Bloc wants to send assessment team to Myanmar to pave way for safe repatriation but goal hampered by ongoing fighting.
Foreign ministers from the Association of Southeast Asian Nations (ASEAN) have reaffirmed the bloc’s role in helping to resolve the Rohingya crisis and ensure the safe return of thousands of refugees to Myanmar.
After the ministers met for a retreat in Chiang Mai, Thailand, from Jan. 17-18, they issued a final statement stressing the need to “find a comprehensive and durable solution” to address the root causes of the conflict.
They also pledged to “create a conducive environment” so that the affected communities can rebuild their lives.
Thailand took over as ASEAN chair on Jan. 1, replacing Singapore.
The ministers endorsed a decision to send a team to Myanmar to assess people’s needs and support the repatriation process. The team is being organized by the ASEAN Coordinating Center for Humanitarian Assistance on Disaster Management (AHA).
“We expressed our continued support for Myanmar’s humanitarian relief program in Rakhine [State] and its commitment to facilitate the voluntary return of displaced persons in a safe, secure and dignified manner,” the ASEAN statement read.
The needs assessment team, however, cannot be sent immediately due to ongoing fighting between Myanmar’s military and the Arakan Army (AA) in northern Rakhine.
ASEAN has avoided criticizing Myanmar for the way it has treated the Rohingya. The United Nations has termed the military’s crackdown on this minority group of Muslims a form of “genocide” but ASEAN has opted to focus instead on providing humanitarian assistance.
More than 700,000 Rohingya fled to Bangladesh in the wake of the crackdown that began in August 2017 following attacks on security personnel by Rohingya militants. Many are still struggling to survive there in overcrowded refugee camps lacking in basic amenities.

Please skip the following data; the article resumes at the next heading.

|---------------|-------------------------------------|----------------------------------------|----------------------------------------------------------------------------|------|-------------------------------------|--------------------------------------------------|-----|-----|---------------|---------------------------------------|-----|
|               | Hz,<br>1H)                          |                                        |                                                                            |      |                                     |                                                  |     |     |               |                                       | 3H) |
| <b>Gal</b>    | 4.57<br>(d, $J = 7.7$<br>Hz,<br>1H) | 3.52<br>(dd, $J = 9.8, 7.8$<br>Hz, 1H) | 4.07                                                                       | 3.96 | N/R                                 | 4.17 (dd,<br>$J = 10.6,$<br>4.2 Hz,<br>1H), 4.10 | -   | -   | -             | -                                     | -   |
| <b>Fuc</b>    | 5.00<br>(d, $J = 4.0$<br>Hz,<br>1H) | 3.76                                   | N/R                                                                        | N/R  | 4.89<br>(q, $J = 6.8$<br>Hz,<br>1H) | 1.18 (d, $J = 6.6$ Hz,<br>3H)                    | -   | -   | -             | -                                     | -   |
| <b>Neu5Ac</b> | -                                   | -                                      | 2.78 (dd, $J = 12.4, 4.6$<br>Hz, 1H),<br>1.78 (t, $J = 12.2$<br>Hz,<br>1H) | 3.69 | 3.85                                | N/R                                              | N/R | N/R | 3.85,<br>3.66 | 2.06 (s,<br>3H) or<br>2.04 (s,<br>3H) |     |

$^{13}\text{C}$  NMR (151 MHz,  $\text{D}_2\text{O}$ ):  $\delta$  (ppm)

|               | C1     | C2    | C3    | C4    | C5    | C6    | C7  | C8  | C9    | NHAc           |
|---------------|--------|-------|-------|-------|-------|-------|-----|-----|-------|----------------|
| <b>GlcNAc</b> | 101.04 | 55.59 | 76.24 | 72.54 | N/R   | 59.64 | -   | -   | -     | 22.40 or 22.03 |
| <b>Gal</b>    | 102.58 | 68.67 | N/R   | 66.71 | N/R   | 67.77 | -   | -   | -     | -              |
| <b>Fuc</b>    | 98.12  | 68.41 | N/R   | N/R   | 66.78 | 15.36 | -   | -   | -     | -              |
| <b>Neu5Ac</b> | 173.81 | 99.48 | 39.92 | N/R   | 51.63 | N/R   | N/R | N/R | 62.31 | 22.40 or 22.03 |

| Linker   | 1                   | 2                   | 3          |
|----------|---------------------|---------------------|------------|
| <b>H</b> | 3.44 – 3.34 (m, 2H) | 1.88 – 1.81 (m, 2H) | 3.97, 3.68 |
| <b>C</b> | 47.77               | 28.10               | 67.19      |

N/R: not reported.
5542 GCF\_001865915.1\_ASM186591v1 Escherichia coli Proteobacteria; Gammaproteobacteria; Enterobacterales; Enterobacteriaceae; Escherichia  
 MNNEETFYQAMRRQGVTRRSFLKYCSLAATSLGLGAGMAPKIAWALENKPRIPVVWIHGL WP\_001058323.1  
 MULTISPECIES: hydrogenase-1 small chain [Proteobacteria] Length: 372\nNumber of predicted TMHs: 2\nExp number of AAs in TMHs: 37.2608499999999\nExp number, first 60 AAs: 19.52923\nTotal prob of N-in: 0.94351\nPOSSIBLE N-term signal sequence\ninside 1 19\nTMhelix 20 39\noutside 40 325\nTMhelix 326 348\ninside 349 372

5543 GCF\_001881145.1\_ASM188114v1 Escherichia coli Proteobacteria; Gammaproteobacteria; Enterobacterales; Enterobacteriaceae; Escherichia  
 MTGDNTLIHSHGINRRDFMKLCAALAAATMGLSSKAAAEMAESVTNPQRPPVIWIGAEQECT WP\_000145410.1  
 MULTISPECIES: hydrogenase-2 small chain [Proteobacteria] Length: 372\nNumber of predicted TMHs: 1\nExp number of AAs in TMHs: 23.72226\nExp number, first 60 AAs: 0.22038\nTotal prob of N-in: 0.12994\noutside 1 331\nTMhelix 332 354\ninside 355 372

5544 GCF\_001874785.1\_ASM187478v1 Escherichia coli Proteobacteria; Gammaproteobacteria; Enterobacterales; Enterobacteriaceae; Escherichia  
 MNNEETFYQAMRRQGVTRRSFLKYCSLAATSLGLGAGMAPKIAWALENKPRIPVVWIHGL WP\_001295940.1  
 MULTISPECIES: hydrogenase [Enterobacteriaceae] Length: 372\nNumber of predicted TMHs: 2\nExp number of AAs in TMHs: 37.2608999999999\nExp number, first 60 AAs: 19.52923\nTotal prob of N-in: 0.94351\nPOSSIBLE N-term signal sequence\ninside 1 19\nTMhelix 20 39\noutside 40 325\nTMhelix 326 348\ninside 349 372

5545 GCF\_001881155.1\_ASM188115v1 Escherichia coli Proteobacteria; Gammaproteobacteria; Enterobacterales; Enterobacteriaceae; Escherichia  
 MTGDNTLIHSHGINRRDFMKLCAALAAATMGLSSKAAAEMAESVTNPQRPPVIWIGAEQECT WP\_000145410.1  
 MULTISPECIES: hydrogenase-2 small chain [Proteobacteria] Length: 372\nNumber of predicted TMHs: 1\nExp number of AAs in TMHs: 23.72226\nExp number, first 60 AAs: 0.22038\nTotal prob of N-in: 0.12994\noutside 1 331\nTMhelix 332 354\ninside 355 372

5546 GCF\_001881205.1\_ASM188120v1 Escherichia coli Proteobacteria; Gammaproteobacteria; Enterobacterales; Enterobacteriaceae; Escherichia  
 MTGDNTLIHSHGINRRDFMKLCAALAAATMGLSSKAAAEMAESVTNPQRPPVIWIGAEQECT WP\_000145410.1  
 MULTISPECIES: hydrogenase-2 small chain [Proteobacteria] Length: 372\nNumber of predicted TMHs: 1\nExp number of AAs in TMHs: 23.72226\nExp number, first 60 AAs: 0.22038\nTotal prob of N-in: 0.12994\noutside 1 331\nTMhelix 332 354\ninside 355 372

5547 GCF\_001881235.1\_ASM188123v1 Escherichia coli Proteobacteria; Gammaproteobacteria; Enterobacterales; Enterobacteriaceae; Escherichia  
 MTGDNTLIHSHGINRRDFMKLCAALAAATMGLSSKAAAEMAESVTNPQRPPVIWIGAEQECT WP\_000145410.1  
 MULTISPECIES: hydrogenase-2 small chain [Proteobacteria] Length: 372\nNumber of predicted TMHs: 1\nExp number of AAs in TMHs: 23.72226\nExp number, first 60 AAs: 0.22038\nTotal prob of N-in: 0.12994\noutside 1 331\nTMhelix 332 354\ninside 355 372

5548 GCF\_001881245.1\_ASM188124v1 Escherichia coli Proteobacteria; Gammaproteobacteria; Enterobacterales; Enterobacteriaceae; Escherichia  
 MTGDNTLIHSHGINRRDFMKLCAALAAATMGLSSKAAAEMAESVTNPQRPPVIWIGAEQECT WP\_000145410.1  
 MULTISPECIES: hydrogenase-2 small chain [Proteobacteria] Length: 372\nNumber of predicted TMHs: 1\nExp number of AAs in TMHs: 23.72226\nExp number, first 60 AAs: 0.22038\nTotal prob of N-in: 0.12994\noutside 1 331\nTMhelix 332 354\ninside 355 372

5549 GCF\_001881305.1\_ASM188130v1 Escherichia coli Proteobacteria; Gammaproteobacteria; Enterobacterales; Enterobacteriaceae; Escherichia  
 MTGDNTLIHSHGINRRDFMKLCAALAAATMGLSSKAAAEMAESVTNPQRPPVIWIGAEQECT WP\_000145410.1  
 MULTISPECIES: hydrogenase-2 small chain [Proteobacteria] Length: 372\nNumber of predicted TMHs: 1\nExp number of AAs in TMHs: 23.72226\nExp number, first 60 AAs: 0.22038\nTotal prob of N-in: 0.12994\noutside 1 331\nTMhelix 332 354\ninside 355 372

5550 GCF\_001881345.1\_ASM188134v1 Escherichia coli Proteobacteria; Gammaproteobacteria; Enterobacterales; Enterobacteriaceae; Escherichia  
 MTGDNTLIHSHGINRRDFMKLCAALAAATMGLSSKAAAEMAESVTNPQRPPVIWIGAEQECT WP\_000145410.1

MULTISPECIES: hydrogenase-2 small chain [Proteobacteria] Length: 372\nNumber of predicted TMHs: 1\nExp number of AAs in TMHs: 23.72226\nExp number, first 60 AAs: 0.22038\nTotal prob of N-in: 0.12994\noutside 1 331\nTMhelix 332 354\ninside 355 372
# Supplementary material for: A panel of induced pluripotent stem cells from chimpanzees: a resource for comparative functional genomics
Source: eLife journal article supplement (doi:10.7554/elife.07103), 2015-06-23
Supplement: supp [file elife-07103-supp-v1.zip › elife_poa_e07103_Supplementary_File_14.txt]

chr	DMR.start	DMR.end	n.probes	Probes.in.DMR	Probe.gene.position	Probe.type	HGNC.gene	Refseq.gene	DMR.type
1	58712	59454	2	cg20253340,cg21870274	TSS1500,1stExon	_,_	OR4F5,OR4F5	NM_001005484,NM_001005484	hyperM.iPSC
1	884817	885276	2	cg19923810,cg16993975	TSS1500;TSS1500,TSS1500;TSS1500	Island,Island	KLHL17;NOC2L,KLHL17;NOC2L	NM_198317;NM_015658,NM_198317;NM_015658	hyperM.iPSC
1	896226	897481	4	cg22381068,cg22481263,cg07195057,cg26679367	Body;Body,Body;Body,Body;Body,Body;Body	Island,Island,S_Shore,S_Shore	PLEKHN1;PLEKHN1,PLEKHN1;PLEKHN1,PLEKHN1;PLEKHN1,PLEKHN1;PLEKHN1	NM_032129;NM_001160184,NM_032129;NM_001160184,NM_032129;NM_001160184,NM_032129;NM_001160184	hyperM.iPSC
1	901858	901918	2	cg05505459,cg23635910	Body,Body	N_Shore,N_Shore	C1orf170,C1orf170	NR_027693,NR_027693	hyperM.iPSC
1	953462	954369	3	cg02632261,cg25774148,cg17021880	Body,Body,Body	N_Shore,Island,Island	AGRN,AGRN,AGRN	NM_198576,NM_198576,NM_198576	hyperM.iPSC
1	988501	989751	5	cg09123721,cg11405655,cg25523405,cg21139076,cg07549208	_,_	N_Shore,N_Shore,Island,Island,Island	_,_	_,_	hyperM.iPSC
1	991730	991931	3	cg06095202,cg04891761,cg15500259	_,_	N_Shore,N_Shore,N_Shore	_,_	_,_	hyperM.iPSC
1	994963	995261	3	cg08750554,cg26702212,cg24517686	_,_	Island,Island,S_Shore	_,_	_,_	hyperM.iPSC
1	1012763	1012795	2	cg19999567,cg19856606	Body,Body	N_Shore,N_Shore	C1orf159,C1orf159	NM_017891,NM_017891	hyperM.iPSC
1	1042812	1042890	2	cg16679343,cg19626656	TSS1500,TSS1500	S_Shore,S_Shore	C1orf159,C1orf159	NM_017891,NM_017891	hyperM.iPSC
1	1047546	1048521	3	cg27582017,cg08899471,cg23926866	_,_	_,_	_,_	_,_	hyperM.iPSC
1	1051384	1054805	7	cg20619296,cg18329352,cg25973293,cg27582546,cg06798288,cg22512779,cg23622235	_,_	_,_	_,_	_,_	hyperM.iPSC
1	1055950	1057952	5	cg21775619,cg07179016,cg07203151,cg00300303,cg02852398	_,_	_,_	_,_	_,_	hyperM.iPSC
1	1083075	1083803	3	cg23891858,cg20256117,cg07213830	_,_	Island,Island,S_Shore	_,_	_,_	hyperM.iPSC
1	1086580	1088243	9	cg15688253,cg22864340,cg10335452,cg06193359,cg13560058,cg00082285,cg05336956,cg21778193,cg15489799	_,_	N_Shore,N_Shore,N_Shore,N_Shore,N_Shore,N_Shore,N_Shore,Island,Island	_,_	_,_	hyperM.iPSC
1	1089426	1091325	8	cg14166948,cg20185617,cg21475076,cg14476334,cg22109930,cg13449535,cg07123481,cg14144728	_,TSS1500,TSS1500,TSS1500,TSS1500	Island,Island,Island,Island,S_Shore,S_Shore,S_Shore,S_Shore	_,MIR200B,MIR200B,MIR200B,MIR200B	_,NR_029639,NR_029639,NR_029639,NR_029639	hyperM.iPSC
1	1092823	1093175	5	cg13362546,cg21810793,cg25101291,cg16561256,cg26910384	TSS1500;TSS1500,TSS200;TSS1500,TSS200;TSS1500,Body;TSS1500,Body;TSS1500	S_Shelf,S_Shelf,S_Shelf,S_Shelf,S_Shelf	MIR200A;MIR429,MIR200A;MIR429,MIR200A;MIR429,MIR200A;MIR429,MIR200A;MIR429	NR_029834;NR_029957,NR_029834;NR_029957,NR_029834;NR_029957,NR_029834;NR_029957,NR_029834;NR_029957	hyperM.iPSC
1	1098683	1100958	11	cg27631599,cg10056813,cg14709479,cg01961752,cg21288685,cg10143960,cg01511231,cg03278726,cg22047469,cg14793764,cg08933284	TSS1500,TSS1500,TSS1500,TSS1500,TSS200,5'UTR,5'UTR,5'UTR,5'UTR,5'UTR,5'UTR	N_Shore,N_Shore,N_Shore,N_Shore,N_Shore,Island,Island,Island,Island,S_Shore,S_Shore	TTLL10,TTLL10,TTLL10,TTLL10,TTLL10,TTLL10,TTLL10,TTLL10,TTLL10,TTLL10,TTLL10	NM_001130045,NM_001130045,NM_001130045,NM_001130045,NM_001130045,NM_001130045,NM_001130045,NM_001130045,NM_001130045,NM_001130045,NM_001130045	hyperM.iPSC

A U.N. fact-finding mission report found that Myanmar’s military committed four of the five acts constituting genocide against the Rohingya. It said Min Aung Hlaing and five other senior generals must be prosecuted for genocide and war crimes against humanity.
Bangladesh and Myanmar agreed to send the first batch of more than 2,000 people back home last November, but the move was delayed as many of the refugees refused to return out of fear for their safety.
Khin Zaw Win serves as director of the Yangon-based Tampadipa Institute, which works on capacity-building and policy advocacy.
He said ASEAN is playing a bigger role in tackling the Rohingya issue, while Myanmar’s relationship with the U.N. and Western countries has been deteriorating.
“ASEAN needs to have the courage to tackle the problem. It can serve as a mediator between the Myanmar government and the Rohingya refugees who are demanding a safe return,” he told ucanews.com.
U.N. Secretary-General Antonio Guterres recently stressed the importance of creating confidence and trust among the various communities involved to ensure the safe passage of the refugees and foster reconciliation.
“Unfortunately, the truth is that the situation on the ground has not been conducive to it: things have been too slow,” Guterres told reporters on Jan. 18.
He said when the root causes of a problem like this are not successfully tackled, violence tends to erupt again easily, as has been the case in Myanmar.
“Finding adequate solutions for the internally displaced would be a very good way to give credibility to the perspective of a future return,” Guterres said.
On Jan. 16, six police were wounded when a group of armed attackers from the Arakan Rohingya Salvation Army (ARSA) ambushed a border guard post in Maungdaw Township, according to state media.
The ARSA is a militant faction representing the interests of the Rohingya.
Rakhine State has been upended by outbursts of violence in rent weeks due to fighting between the military and the AA, a mostly Buddhist insurgent group that serves as the armed wing of the United League of Arakan and seeks autonomous rule for the state.
At least 5,000 civilians have been forced to flee their homes and take shelter at monasteries and nearby communities, according to the U.N.